Crayfish test: Polyaromatic hydrocarbons assessed

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  • Published: May 15, 2014
  • Author: David Bradley
  • Channels: Chemometrics & Informatics
thumbnail image: Crayfish test: Polyaromatic hydrocarbons assessed

Predicting PAHs passively

Signal crayfish - Pacifastacus leniusculus -

A predictive model for the determination of average polycyclic aromatic hydrocarbon (PAH) concentrations in the freely dissolved phase and those present in resident aquatic organisms, such as crayfish, is being developed by US researchers.

Crayfish are an important part of the seafood economy but are highly susceptible to contamination by toxic chemicals from industrial waste water, oil spills and other sources of environmental concern. The accumulation of PAHs in their tissues, for instance, can pose a significant long-term health threat to anyone eating exposed seafood. As such, health officials are charged with identifying and mitigating uncontrolled releases of such chemicals. Unfortunately, there is a downside to the collection and testing of samples, primarily in that it is not always timely but it is time-consuming as well as expensive and secondarily such sample collection can disrupt already at-risk ecosystems still further.

Semipermeable surrogates

Now, Norman Forsberg, Brian Smith, Greg Sower, and Kim Anderson of the Environmental and Molecular Toxicology Department, at Oregon State University, in Corvallis, have devised an approach to extracting data from passive samplers and utilising the tools of cheminformatics, such as two-factor partial least squares calibration, to predict PAH accumulation in a given population of crayfish. The model could predict almost three-quarters (more than 72 percent) of the variation in concentrations of PAHs but was also successful within three times the measured values. "Importantly, PLS calibration provided a means to estimate PAH concentrations in tissues when concentrations were below detection in the freely dissolved phase," the team explains. "Having a predictive approach to estimate concentrations of hazardous chemicals in aquatic organism tissues would be useful to risk assessors in instances when tissue data are limited," the team says. It might thus be able to provide timely health warnings following an incident, such as a spill or waste water discharge.

The team points out that earlier predictive models have tended to focus on bioaccumulation factors (BAFs) and so can give estimates of the impact of an incident that are inaccurate by orders of magnitude in terms of the levels of contamination actually present in the tissues of the aquatic organisms. Moreover, if levels of a contaminant are below detection limits in the aqueous phrase BAFs become notoriously unreliable. A clearer understanding of partitioning of a contaminant between the aquatic environment and the tissues of living sea creatures leads to a much more effective measure and predictive tool that exploits semi-permeable membrane devices (SPMDs) as surrogates of diffusion into living tissue.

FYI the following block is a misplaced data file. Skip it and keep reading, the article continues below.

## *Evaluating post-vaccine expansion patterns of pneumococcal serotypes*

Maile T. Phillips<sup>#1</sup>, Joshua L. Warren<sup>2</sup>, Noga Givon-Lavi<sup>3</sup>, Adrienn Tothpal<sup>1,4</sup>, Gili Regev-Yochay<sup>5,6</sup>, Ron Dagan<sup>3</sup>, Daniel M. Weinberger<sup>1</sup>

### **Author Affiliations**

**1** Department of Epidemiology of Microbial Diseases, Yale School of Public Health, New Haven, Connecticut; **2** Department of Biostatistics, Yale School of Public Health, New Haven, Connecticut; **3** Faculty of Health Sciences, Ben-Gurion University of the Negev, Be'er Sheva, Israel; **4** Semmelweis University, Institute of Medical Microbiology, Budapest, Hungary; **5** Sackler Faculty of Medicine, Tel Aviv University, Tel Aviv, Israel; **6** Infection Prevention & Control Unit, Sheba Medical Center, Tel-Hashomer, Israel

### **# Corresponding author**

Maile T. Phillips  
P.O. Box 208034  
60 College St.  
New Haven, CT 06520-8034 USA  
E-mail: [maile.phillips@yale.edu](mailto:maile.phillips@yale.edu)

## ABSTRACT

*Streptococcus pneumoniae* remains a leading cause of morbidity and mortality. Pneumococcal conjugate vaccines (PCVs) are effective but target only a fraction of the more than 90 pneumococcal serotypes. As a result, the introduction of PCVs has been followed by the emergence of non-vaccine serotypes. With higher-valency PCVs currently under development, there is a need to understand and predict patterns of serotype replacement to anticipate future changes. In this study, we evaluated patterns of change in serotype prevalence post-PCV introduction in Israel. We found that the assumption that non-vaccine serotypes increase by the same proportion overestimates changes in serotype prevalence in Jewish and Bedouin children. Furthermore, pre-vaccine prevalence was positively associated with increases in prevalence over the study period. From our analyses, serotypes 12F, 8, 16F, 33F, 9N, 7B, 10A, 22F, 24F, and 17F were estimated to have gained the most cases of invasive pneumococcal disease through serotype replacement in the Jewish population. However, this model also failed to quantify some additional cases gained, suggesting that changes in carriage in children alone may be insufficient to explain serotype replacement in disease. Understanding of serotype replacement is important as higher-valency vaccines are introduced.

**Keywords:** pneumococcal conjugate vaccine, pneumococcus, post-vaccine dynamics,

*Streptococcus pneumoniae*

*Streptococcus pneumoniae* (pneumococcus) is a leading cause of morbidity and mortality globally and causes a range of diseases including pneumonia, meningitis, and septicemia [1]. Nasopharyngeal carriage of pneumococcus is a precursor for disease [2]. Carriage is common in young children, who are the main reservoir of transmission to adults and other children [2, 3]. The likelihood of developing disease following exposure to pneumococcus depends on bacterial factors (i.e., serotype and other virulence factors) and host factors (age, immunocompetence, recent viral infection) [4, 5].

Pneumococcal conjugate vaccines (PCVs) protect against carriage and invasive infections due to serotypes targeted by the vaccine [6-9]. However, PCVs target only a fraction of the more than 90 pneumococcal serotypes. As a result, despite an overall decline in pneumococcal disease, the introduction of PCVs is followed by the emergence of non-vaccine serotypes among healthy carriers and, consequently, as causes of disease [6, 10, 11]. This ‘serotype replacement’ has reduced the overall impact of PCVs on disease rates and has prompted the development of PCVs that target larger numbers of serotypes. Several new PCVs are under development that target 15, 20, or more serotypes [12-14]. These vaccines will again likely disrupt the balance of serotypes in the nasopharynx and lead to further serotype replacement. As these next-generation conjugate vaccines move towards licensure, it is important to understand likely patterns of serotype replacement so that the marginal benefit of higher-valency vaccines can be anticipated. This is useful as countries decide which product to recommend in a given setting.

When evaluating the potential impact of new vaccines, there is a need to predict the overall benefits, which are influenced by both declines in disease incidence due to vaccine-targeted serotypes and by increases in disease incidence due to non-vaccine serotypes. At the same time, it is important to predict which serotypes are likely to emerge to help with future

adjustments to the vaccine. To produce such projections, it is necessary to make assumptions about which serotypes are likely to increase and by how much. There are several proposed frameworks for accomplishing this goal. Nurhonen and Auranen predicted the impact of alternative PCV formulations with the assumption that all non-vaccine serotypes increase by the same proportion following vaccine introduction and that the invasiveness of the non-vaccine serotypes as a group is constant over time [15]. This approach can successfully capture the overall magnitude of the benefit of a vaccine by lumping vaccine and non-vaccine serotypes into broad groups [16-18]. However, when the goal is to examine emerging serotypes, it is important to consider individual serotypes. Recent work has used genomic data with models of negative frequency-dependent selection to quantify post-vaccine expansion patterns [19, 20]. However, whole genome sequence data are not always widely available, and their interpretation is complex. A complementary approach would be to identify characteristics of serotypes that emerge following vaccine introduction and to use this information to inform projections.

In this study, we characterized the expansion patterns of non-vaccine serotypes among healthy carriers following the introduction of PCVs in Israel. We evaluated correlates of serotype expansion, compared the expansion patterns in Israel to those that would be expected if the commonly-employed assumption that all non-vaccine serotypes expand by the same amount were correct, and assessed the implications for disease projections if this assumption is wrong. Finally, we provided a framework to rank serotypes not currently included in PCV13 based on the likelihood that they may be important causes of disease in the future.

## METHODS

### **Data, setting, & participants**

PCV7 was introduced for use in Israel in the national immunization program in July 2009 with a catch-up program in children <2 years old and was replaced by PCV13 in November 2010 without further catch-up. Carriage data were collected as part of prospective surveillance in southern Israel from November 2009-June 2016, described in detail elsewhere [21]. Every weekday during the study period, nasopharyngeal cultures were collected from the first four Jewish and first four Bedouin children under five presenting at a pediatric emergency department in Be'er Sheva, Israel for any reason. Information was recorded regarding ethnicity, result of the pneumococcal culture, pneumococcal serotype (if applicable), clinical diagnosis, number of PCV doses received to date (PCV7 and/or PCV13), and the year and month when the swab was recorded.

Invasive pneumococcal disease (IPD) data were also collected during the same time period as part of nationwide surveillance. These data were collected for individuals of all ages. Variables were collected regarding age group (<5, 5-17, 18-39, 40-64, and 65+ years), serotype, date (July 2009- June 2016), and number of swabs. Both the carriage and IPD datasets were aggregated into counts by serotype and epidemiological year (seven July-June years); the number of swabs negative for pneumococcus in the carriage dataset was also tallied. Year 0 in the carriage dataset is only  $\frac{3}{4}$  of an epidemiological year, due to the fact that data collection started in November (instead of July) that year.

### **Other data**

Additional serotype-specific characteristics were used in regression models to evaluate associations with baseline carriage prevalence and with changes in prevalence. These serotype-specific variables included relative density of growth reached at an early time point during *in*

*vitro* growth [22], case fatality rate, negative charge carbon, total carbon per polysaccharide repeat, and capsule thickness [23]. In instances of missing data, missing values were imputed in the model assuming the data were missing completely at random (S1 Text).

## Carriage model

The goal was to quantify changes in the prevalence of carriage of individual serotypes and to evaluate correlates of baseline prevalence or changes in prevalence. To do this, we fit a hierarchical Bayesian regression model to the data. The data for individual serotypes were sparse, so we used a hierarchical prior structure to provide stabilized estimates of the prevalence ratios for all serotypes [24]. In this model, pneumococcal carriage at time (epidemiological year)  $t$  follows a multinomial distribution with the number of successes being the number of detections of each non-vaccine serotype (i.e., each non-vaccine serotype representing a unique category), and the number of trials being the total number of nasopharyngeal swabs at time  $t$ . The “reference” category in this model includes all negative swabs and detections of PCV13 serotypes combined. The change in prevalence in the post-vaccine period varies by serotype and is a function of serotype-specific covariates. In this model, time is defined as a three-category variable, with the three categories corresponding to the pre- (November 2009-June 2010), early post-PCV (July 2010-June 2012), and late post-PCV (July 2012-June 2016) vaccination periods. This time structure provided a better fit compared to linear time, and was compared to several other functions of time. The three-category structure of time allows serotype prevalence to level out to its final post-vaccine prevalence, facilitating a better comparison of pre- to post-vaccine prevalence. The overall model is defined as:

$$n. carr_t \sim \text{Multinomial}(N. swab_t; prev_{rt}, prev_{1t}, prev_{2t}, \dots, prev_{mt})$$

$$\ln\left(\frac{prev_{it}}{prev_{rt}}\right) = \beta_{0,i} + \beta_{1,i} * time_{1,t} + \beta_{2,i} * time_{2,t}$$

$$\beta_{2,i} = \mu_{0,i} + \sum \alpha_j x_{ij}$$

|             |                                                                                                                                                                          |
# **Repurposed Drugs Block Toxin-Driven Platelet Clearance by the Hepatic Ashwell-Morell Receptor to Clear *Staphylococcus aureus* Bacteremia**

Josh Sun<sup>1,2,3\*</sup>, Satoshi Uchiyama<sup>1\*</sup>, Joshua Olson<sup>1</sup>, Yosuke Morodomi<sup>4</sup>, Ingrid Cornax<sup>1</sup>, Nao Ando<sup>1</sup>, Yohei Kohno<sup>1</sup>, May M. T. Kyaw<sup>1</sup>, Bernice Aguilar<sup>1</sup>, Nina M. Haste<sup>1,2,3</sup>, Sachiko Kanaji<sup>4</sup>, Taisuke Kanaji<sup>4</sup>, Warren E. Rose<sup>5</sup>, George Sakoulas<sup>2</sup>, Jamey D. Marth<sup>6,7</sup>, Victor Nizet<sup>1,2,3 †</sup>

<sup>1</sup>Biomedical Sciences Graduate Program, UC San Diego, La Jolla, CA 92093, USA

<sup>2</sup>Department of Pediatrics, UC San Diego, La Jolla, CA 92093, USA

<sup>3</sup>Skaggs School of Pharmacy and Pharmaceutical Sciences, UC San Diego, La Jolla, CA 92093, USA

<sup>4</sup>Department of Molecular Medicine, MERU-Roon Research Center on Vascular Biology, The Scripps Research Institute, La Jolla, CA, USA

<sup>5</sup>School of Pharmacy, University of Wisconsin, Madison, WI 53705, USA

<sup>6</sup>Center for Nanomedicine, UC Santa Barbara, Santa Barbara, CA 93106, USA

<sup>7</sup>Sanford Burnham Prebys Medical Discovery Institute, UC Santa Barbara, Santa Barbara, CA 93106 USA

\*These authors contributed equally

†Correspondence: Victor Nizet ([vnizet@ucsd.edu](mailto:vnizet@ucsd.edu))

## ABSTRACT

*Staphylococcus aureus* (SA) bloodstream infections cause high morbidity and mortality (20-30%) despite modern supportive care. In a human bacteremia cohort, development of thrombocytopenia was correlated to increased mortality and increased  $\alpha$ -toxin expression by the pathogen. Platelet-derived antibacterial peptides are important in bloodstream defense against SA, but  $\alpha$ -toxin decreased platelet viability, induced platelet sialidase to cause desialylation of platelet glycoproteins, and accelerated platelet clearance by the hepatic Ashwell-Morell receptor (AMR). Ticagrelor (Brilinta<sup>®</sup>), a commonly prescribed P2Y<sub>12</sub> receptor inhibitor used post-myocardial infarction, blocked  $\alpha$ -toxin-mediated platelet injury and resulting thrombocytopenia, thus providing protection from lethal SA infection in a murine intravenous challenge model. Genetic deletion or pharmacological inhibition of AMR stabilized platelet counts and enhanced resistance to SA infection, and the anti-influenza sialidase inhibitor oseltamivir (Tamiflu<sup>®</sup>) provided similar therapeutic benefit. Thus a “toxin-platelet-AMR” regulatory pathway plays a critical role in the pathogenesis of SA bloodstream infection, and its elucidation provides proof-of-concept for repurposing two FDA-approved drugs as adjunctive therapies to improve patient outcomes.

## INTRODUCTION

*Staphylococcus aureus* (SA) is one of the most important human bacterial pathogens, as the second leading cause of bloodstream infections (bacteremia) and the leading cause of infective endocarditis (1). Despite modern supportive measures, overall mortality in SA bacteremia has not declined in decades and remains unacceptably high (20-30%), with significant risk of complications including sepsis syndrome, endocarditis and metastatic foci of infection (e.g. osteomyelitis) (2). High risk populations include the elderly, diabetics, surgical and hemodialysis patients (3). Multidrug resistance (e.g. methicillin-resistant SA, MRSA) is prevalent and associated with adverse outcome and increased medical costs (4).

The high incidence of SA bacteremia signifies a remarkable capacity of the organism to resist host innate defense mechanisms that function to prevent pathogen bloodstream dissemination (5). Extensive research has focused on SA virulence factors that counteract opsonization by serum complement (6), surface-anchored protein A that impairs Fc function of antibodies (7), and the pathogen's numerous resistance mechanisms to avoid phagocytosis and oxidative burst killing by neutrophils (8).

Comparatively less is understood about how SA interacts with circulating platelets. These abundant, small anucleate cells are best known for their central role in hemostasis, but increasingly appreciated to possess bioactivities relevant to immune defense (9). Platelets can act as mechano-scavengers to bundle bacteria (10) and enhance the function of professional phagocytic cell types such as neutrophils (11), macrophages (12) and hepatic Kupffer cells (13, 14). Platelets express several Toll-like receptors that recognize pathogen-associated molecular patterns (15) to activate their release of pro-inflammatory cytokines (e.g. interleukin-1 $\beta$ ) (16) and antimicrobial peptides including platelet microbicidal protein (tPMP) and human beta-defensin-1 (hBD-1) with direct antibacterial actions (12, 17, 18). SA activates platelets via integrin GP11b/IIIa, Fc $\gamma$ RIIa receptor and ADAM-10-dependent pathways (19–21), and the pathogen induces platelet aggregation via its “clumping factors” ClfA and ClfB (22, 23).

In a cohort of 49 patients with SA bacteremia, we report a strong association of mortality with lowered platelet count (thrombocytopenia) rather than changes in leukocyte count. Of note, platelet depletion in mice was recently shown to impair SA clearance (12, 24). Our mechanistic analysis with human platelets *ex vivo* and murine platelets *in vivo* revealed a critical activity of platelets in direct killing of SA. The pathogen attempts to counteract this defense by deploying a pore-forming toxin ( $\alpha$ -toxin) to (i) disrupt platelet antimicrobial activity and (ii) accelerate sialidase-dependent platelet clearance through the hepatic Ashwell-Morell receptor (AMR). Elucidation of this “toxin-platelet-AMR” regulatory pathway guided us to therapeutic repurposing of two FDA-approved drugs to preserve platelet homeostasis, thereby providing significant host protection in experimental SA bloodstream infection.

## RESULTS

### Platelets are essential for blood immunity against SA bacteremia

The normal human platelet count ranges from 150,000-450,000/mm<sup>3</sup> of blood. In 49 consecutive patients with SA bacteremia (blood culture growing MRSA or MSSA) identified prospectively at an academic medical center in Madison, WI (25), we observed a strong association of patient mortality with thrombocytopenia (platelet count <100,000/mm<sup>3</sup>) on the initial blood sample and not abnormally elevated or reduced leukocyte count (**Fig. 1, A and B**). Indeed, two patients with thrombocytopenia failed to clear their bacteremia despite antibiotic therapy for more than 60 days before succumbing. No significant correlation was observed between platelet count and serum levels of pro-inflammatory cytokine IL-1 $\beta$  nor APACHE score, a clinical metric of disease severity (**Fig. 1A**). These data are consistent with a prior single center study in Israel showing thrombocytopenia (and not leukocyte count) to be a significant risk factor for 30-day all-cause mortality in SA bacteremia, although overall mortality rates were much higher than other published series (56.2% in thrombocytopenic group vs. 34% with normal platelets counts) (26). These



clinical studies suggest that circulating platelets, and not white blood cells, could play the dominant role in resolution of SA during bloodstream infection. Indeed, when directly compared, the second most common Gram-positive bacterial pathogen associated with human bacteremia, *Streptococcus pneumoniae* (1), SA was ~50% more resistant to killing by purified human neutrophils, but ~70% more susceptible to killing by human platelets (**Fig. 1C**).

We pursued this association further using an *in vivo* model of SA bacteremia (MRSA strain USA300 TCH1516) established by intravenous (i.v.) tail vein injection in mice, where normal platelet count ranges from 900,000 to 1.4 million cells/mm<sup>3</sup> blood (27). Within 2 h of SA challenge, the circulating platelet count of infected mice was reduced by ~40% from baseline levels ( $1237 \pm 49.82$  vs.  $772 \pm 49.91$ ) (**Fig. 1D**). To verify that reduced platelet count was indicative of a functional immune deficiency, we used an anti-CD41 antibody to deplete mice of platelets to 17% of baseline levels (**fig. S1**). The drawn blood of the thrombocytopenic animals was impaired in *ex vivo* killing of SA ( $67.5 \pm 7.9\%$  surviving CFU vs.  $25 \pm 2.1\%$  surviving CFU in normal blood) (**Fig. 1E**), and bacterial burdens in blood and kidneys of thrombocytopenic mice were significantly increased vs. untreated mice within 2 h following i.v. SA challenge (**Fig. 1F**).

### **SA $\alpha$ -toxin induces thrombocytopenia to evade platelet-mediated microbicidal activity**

Passive sample

Forsberg and colleagues thus sampled different classes of PAHs in the freely dissolved phase using SPMDs and to corroborate their findings collected co-located resident crayfish from several locations within the Portland Harbor area. They opted for crayfish because these creatures have a less efficient metabolic system for breaking down and so detoxifying PAHs and the chemical excretion rate is much lower than that of aquatic vertebrates. Moreover, these creatures have a relatively small range. Of course, once the model was developed and the SPMD surrogates calibrated against the actual data from the living creatures, there should no longer be any need to collect more creatures to test the waters.

"Human health and ecological risk assessments are often challenged by a limited amount of site-specific data for contaminant concentrations in resident aquatic biota. Combining passive sampling with PLS calibration appears to provide a means to fill this knowledge gap," the team concludes.

"We are looking at further validating and testing the model with another paired study," Anderson told SpectroscopyNOW." We are expanding to other resident organisms such as clams."

Related Links

Environ Sci Tech, 2014, online: "Predicting polycyclic aromatic hydrocarbon concentrations in resident aquatic organisms using passive samplers and partial least squares calibration"

Article by David Bradley

The views represented in this article are solely those of the author and do not necessarily represent those of John Wiley and Sons, Ltd.

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